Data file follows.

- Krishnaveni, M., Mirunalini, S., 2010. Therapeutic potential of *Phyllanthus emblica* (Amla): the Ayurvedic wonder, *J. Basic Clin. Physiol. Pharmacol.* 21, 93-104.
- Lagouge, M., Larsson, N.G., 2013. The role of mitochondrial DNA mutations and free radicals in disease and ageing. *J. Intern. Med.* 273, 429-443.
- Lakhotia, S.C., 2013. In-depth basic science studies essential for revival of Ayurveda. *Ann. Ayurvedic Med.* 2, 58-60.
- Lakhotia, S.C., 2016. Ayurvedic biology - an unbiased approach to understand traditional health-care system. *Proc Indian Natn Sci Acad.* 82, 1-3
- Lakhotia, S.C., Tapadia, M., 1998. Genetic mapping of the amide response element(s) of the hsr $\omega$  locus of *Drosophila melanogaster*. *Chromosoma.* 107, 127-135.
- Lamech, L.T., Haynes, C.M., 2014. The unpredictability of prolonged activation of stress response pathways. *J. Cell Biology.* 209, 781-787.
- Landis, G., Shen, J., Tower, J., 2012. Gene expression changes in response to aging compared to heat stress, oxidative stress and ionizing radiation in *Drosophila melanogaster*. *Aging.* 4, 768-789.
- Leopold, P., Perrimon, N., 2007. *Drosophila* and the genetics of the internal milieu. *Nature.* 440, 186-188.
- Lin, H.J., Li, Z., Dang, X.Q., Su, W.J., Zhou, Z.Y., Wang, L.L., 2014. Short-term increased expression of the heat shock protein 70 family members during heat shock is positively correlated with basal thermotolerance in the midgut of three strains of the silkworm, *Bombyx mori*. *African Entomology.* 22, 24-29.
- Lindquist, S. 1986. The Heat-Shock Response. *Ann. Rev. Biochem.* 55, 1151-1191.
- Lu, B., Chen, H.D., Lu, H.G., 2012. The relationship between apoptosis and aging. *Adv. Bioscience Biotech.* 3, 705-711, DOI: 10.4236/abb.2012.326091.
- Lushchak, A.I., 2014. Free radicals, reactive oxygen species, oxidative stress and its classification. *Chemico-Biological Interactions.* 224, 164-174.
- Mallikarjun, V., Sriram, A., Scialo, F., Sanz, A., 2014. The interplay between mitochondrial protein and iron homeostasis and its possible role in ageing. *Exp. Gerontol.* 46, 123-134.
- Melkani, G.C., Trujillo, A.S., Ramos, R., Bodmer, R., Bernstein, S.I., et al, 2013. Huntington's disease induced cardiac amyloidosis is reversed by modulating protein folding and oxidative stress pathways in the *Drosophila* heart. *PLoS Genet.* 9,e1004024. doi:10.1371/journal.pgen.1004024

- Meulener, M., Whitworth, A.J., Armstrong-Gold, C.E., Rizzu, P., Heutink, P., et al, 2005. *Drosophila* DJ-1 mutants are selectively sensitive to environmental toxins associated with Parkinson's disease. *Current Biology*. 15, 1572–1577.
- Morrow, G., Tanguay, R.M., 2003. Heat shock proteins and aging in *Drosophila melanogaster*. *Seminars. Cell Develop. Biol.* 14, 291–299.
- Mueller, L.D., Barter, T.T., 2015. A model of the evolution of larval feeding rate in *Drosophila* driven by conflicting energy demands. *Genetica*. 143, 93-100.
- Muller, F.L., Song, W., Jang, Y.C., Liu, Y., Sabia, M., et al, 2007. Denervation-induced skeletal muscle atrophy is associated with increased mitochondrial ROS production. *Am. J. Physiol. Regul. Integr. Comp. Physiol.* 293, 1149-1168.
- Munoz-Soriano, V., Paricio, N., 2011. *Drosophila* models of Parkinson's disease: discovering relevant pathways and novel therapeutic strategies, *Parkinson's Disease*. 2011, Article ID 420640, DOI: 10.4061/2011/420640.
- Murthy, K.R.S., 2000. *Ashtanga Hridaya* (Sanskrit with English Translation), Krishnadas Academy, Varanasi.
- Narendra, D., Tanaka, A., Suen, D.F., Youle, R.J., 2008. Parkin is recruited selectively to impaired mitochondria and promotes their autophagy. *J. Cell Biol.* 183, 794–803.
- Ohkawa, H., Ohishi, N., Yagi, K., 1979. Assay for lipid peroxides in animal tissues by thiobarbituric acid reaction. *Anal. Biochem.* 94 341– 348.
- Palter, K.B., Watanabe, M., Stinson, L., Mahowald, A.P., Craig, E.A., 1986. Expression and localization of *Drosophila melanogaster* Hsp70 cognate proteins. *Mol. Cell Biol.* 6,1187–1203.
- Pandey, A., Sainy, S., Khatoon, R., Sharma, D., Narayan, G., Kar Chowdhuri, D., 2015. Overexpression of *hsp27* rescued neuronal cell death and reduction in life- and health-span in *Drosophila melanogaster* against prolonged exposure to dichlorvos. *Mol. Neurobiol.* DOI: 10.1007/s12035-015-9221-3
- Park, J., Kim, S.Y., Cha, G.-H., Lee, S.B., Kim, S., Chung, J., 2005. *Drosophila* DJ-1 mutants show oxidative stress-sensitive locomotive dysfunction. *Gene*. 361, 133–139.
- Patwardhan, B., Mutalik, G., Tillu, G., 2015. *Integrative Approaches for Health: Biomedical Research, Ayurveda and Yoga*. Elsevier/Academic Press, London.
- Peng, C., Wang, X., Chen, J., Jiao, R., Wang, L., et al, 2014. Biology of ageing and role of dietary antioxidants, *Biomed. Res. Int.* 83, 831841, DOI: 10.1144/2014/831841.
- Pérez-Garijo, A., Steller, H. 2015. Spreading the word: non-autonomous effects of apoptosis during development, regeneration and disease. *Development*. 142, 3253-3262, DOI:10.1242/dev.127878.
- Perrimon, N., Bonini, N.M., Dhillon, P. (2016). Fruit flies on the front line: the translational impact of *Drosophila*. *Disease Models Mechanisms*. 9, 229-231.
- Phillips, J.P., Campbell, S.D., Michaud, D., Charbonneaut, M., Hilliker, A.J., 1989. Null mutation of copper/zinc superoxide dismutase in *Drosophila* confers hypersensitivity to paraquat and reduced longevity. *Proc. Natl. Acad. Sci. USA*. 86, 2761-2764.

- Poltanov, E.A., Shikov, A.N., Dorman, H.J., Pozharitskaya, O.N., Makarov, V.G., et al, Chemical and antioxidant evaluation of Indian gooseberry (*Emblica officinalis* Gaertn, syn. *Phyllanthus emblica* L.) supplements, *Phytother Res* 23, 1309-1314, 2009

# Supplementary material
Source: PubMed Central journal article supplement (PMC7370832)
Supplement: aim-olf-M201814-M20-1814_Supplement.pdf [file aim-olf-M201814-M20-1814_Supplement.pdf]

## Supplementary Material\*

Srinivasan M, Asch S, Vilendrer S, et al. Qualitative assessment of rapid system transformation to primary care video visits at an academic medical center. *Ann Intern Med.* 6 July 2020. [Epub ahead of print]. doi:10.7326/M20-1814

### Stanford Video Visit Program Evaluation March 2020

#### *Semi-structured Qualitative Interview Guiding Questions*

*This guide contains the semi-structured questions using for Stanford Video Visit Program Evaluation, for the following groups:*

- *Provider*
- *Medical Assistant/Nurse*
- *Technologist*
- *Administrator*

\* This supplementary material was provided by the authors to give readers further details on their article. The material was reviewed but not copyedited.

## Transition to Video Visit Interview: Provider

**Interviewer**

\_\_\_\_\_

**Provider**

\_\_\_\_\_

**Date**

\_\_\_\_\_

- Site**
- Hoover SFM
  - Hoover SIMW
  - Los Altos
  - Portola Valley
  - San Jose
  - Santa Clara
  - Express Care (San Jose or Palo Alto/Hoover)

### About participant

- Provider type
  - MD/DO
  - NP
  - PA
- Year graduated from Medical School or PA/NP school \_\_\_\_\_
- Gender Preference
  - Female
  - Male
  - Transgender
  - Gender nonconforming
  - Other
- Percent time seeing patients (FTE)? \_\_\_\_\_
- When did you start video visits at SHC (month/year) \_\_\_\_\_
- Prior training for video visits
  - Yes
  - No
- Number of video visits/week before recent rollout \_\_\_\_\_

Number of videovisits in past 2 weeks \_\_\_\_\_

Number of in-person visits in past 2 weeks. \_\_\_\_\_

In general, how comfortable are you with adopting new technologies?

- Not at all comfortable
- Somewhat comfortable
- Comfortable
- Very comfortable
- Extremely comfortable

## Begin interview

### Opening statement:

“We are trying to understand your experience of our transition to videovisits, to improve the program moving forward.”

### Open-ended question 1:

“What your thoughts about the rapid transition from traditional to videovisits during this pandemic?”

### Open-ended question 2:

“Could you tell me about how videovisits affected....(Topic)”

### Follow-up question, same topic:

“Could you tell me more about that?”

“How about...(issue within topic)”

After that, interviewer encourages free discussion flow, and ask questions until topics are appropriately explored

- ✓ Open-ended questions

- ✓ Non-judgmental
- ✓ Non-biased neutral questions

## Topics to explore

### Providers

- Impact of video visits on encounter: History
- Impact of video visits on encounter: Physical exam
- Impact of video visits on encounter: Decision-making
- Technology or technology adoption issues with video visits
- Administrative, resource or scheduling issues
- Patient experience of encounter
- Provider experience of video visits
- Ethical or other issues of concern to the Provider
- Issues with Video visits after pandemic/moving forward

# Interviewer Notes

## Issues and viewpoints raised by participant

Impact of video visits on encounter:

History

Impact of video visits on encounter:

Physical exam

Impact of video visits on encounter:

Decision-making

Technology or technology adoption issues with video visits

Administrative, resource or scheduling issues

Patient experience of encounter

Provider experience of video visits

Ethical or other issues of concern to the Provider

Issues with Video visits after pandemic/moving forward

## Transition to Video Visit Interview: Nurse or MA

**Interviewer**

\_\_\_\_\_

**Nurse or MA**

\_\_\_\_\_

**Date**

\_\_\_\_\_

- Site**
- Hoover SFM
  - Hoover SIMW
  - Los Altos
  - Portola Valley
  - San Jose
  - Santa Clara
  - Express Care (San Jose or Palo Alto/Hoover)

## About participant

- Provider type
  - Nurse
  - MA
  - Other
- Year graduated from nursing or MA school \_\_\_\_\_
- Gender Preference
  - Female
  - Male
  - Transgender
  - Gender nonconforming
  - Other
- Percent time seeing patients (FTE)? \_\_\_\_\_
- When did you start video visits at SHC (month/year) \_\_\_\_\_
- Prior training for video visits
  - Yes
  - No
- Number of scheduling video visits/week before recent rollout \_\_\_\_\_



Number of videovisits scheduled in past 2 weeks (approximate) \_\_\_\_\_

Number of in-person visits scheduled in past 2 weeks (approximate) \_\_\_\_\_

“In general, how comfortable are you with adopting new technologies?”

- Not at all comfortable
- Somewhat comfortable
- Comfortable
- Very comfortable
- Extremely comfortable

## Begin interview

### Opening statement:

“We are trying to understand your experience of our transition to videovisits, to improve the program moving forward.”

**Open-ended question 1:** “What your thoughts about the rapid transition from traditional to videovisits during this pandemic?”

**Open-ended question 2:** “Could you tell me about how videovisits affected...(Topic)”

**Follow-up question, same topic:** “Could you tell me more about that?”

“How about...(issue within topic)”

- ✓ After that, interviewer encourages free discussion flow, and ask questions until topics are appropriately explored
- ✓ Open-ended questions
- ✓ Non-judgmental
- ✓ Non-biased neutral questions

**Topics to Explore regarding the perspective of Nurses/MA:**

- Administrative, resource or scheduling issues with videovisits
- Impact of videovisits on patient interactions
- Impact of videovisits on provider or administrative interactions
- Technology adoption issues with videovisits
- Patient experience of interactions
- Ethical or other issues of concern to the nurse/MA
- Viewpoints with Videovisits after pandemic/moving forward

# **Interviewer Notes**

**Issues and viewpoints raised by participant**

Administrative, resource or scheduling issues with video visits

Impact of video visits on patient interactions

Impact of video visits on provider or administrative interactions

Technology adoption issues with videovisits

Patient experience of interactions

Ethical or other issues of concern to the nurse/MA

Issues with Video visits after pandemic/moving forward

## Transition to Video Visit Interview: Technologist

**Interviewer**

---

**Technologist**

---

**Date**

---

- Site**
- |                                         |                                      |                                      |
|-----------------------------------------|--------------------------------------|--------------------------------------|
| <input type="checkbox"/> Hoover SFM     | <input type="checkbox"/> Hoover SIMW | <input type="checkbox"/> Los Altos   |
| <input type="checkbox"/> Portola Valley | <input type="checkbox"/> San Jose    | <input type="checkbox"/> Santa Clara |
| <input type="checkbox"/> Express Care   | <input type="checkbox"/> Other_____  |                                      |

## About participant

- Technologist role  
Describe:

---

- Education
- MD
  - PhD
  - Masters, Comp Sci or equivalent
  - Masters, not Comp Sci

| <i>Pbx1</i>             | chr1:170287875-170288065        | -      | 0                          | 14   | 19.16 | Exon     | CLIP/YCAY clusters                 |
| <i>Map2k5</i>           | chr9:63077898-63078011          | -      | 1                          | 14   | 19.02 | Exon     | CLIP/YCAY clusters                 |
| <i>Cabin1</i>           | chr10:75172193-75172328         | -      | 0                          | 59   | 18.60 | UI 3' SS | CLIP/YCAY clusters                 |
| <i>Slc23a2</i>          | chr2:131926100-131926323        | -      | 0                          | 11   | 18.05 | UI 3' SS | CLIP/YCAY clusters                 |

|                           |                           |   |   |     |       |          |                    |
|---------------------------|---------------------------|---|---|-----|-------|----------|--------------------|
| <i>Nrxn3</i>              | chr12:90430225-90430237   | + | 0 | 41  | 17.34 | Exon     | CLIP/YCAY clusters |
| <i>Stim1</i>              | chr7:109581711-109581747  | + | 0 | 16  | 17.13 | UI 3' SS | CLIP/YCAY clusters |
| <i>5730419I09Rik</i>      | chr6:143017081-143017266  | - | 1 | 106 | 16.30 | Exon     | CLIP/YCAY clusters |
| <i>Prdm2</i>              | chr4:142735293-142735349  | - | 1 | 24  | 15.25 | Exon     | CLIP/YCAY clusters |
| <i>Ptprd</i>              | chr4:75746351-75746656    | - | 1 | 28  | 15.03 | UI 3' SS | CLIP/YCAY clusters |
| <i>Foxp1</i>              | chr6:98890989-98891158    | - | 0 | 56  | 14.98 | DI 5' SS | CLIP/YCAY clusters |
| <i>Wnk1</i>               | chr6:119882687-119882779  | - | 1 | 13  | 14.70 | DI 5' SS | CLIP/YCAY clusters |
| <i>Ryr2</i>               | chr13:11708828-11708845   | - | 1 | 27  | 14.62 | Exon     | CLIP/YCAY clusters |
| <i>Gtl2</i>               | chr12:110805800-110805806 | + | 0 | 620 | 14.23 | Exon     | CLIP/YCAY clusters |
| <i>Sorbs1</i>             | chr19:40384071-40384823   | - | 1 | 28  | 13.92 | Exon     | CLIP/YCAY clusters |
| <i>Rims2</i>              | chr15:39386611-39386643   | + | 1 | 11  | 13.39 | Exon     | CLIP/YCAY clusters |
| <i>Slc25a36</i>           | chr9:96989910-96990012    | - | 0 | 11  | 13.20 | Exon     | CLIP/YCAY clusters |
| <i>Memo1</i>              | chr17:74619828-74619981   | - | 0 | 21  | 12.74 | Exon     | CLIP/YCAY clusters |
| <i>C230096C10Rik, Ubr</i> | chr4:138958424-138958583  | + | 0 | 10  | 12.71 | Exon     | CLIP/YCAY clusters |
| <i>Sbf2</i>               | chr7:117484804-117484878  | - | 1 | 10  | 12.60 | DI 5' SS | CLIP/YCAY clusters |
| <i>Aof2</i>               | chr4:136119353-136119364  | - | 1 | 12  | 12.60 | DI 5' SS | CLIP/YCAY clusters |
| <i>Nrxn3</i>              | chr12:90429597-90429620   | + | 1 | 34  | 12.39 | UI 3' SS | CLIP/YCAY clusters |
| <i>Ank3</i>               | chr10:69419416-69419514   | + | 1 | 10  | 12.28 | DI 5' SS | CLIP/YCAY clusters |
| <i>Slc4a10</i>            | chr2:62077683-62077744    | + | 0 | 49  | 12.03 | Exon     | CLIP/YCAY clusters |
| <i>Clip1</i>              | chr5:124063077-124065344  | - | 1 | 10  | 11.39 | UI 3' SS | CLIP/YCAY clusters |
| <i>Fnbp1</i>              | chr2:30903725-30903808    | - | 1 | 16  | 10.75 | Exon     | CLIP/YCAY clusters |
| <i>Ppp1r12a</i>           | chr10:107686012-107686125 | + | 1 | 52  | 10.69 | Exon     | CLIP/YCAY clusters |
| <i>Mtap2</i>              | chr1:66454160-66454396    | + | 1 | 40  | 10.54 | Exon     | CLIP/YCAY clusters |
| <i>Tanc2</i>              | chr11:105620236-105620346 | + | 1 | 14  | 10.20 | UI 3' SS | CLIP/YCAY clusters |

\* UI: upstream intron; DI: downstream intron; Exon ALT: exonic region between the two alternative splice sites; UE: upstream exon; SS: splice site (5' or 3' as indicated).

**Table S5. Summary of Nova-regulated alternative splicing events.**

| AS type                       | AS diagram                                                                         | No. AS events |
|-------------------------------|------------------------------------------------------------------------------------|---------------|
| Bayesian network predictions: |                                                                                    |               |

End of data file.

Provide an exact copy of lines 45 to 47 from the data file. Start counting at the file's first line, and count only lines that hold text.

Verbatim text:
## Transition to Video Visit Interview: Provider

**Interviewer**

\_\_\_\_\_